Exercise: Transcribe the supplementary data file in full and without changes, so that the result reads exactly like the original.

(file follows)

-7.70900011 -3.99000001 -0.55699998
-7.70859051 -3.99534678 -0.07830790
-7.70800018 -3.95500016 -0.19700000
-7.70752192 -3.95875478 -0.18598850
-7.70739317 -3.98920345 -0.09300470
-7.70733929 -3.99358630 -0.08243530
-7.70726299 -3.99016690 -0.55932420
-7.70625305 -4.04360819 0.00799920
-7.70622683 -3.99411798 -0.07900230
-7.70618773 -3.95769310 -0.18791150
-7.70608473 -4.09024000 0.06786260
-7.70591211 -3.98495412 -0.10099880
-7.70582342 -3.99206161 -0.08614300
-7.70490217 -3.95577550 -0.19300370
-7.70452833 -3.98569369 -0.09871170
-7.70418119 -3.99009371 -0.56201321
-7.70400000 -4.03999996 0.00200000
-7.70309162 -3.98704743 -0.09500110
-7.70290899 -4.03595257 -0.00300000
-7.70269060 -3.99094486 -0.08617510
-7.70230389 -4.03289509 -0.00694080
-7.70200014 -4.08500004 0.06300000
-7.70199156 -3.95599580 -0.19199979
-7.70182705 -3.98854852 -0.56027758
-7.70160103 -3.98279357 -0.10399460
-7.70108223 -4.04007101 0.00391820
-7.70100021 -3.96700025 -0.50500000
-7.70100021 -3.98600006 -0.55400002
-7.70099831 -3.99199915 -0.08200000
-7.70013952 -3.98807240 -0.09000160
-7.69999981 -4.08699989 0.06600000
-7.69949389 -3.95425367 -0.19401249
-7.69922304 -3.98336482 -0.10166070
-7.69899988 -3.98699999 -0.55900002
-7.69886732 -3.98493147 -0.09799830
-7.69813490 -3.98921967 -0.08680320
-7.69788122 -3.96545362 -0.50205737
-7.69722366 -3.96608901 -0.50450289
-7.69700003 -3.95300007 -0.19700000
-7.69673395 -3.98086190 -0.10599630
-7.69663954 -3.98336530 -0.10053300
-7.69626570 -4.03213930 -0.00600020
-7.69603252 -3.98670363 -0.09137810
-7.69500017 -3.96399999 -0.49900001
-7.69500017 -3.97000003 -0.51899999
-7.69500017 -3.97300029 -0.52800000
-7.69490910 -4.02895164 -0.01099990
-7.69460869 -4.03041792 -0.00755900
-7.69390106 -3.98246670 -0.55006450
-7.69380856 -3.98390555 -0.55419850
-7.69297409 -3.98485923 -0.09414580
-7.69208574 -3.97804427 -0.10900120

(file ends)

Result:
-7.70900011 -3.99000001 -0.55699998
-7.70859051 -3.99534678 -0.07830790
-7.70800018 -3.95500016 -0.19700000
-7.70752192 -3.95875478 -0.18598850
-7.70739317 -3.98920345 -0.09300470
-7.70733929 -3.99358630 -0.08243530
-7.70726299 -3.99016690 -0.55932420
-7.70625305 -4.04360819 0.00799920
-7.70622683 -3.99411798 -0.07900230
-7.70618773 -3.95769310 -0.18791150
-7.70608473 -4.09024000 0.06786260
-7.70591211 -3.98495412 -0.10099880
-7.70582342 -3.99206161 -0.08614300
-7.70490217 -3.95577550 -0.19300370
-7.70452833 -3.98569369 -0.09871170
-7.70418119 -3.99009371 -0.56201321
-7.70400000 -4.03999996 0.00200000
-7.70309162 -3.98704743 -0.09500110
-7.70290899 -4.03595257 -0.00300000
-7.70269060 -3.99094486 -0.08617510
-7.70230389 -4.03289509 -0.00694080
-7.70200014 -4.08500004 0.06300000
-7.70199156 -3.95599580 -0.19199979
-7.70182705 -3.98854852 -0.56027758
-7.70160103 -3.98279357 -0.10399460
-7.70108223 -4.04007101 0.00391820
-7.70100021 -3.96700025 -0.50500000
-7.70100021 -3.98600006 -0.55400002
-7.70099831 -3.99199915 -0.08200000
-7.70013952 -3.98807240 -0.09000160
-7.69999981 -4.08699989 0.06600000
-7.69949389 -3.95425367 -0.19401249
-7.69922304 -3.98336482 -0.10166070
-7.69899988 -3.98699999 -0.55900002
-7.69886732 -3.98493147 -0.09799830
-7.69813490 -3.98921967 -0.08680320
-7.69788122 -3.96545362 -0.50205737
-7.69722366 -3.96608901 -0.50450289
-7.69700003 -3.95300007 -0.19700000
-7.69673395 -3.98086190 -0.10599630
-7.69663954 -3.98336530 -0.10053300
-7.69626570 -4.03213930 -0.00600020
-7.69603252 -3.98670363 -0.09137810
-7.69500017 -3.96399999 -0.49900001
-7.69500017 -3.97000003 -0.51899999
-7.69500017 -3.97300029 -0.52800000
-7.69490910 -4.02895164 -0.01099990
-7.69460869 -4.03041792 -0.00755900
-7.69390106 -3.98246670 -0.55006450
-7.69380856 -3.98390555 -0.55419850
-7.69297409 -3.98485923 -0.09414580
-7.69208574 -3.97804427 -0.10900120